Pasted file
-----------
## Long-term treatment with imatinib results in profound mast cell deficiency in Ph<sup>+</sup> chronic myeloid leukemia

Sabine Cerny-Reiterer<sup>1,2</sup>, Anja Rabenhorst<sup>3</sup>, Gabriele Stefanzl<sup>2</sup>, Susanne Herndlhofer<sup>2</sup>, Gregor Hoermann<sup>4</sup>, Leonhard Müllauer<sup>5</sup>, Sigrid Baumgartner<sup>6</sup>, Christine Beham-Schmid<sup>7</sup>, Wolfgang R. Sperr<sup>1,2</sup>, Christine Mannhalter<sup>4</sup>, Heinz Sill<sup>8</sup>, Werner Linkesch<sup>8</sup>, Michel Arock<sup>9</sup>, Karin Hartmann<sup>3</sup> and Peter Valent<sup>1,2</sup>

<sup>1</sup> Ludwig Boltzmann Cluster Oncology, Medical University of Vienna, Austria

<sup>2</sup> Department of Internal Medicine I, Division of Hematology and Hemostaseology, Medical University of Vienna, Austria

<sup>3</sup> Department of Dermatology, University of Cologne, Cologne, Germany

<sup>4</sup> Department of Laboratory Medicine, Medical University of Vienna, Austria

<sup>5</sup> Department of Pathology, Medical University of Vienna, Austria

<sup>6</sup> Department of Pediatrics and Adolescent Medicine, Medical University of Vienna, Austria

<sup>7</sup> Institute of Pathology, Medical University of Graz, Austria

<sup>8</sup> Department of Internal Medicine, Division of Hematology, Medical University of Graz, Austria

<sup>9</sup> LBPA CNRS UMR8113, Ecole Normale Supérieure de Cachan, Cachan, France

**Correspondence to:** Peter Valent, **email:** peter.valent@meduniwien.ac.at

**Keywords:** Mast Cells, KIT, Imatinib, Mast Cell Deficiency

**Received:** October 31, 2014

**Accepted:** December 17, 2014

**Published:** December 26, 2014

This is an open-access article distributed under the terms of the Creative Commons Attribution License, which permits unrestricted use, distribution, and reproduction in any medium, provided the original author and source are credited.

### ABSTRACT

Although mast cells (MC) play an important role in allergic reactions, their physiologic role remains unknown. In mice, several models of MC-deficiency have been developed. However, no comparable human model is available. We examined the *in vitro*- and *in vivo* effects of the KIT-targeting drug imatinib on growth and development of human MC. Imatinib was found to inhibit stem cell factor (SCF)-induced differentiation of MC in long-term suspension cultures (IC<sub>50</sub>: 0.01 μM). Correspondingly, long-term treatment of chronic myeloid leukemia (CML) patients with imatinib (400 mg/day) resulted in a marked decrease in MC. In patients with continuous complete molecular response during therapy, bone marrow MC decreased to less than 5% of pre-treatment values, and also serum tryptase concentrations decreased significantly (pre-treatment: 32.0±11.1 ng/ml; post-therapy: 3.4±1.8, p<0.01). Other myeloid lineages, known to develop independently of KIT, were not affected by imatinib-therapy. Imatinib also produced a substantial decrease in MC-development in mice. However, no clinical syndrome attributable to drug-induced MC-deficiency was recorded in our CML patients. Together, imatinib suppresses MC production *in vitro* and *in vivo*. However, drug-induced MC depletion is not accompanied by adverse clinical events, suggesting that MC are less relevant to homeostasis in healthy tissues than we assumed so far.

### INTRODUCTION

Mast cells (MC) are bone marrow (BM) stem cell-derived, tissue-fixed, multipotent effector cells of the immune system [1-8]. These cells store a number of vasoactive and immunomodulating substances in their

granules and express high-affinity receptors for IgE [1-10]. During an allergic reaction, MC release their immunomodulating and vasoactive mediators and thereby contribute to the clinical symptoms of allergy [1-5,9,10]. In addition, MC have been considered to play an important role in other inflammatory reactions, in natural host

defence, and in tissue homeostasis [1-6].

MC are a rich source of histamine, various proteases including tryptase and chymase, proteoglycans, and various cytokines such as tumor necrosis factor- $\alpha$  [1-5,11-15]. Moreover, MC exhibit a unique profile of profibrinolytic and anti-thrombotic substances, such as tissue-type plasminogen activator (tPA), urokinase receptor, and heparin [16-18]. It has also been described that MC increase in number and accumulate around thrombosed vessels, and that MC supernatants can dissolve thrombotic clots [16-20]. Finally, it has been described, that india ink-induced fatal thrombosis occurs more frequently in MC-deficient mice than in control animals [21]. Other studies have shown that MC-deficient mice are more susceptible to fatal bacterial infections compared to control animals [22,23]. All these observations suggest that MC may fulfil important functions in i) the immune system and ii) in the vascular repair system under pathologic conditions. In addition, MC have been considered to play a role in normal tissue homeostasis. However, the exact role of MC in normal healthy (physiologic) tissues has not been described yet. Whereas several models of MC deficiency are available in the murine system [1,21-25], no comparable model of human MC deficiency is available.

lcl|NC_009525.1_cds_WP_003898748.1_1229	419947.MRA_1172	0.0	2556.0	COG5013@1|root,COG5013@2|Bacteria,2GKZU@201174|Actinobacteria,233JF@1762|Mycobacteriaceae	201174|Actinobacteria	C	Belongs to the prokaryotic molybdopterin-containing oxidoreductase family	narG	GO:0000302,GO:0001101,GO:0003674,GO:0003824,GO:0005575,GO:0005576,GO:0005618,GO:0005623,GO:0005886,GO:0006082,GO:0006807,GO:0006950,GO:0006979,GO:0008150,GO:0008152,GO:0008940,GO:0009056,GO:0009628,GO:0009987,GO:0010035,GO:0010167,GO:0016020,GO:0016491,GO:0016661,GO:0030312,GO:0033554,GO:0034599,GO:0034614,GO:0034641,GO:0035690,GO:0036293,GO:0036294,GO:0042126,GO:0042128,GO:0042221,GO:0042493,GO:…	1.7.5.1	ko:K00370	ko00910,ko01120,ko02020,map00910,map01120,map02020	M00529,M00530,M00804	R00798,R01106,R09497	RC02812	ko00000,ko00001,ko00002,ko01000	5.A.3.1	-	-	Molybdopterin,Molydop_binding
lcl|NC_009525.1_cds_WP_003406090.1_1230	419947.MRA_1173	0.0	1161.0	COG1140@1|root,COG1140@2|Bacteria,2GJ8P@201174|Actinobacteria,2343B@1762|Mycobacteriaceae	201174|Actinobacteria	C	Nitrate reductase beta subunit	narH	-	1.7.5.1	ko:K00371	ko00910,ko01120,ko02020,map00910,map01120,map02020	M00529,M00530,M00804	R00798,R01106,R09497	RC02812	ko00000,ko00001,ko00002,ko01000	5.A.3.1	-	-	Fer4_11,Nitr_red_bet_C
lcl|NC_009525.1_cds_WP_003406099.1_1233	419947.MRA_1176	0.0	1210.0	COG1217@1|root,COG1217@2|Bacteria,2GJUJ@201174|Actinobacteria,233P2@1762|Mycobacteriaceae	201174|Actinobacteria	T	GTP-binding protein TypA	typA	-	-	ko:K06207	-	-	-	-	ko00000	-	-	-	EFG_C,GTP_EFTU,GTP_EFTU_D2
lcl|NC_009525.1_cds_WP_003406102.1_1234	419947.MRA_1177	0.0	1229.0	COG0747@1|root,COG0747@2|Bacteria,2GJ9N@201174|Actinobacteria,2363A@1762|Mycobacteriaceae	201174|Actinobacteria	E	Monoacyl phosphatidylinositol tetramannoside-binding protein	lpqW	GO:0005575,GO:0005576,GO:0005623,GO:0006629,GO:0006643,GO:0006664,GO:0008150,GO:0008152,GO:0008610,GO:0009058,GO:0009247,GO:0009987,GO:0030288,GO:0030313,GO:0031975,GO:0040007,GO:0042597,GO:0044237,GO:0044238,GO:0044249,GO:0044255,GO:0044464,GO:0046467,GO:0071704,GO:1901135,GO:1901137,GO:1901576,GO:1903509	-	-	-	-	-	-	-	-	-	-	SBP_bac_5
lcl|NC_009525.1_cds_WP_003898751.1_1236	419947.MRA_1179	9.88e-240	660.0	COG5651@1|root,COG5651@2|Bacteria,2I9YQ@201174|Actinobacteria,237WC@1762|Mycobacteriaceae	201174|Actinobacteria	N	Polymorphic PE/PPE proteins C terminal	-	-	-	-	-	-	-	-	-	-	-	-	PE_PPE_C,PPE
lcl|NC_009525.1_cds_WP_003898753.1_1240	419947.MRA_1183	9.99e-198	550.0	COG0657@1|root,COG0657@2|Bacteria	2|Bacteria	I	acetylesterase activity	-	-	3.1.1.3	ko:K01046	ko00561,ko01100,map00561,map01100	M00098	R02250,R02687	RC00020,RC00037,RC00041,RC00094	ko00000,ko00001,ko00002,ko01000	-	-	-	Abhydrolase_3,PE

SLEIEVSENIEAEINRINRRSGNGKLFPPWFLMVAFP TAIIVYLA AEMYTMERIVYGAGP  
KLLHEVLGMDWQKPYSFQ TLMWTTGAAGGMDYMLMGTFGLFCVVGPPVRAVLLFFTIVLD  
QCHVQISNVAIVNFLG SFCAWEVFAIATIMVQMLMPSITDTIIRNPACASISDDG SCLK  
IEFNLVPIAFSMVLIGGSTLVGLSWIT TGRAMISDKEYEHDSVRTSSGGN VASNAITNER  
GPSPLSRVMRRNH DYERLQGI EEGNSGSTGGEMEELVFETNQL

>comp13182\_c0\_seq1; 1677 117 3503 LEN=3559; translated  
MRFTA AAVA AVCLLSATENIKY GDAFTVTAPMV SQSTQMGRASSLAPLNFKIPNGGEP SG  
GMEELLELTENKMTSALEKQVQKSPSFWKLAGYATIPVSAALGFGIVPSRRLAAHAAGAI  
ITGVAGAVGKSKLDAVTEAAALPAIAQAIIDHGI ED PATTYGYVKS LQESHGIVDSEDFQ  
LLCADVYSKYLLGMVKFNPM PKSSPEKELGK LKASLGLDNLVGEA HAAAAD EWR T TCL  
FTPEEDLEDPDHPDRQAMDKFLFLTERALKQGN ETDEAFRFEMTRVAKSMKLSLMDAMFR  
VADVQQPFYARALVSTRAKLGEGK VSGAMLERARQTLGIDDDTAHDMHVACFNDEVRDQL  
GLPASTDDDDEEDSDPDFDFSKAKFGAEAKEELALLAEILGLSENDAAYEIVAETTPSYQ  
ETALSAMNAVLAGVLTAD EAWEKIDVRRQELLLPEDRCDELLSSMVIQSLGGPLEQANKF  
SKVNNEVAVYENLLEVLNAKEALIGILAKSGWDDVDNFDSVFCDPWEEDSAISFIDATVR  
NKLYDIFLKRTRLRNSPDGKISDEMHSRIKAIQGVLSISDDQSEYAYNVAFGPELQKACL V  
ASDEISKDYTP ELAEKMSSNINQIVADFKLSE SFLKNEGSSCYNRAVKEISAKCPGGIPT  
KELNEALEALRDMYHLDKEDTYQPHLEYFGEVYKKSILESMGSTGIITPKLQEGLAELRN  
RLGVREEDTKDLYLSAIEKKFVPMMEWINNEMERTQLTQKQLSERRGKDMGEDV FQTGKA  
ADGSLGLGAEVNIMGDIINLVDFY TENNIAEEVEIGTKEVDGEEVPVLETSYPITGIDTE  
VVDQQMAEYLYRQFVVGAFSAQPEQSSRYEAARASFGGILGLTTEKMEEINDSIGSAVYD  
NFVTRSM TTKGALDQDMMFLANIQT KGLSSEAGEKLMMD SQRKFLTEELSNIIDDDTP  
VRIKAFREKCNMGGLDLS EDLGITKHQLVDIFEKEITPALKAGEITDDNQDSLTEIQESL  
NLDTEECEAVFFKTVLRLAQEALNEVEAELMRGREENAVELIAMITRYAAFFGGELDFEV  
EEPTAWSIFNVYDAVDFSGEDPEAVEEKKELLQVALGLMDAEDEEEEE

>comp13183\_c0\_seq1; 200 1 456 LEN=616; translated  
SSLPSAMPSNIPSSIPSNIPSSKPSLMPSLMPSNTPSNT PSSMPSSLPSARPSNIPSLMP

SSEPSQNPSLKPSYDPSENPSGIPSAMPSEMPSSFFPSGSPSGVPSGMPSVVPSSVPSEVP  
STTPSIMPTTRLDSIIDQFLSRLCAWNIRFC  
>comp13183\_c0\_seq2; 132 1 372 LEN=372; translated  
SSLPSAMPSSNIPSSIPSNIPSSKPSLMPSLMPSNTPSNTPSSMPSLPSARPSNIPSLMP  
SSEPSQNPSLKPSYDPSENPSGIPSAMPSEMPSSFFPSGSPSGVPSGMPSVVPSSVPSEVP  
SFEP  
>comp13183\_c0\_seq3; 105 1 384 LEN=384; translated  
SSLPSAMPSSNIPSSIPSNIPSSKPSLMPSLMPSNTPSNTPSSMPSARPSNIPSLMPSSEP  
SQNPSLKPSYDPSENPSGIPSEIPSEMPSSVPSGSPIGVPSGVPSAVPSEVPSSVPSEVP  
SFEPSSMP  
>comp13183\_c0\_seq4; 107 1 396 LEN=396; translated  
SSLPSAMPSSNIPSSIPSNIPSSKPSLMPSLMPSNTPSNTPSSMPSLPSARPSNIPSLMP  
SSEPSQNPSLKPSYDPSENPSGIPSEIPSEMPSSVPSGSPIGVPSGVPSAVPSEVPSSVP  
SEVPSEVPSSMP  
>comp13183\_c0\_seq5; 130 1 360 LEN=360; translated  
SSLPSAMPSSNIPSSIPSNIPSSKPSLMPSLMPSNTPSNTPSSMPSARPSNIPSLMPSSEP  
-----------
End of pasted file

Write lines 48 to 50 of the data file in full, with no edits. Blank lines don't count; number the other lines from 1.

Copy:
KELNEALEALRDMYHLDKEDTYQPHLEYFGEVYKKSILESMGSTGIITPKLQEGLAELRN  
RLGVREEDTKDLYLSAIEKKFVPMMEWINNEMERTQLTQKQLSERRGKDMGEDV FQTGKA  
ADGSLGLGAEVNIMGDIINLVDFY TENNIAEEVEIGTKEVDGEEVPVLETSYPITGIDTE  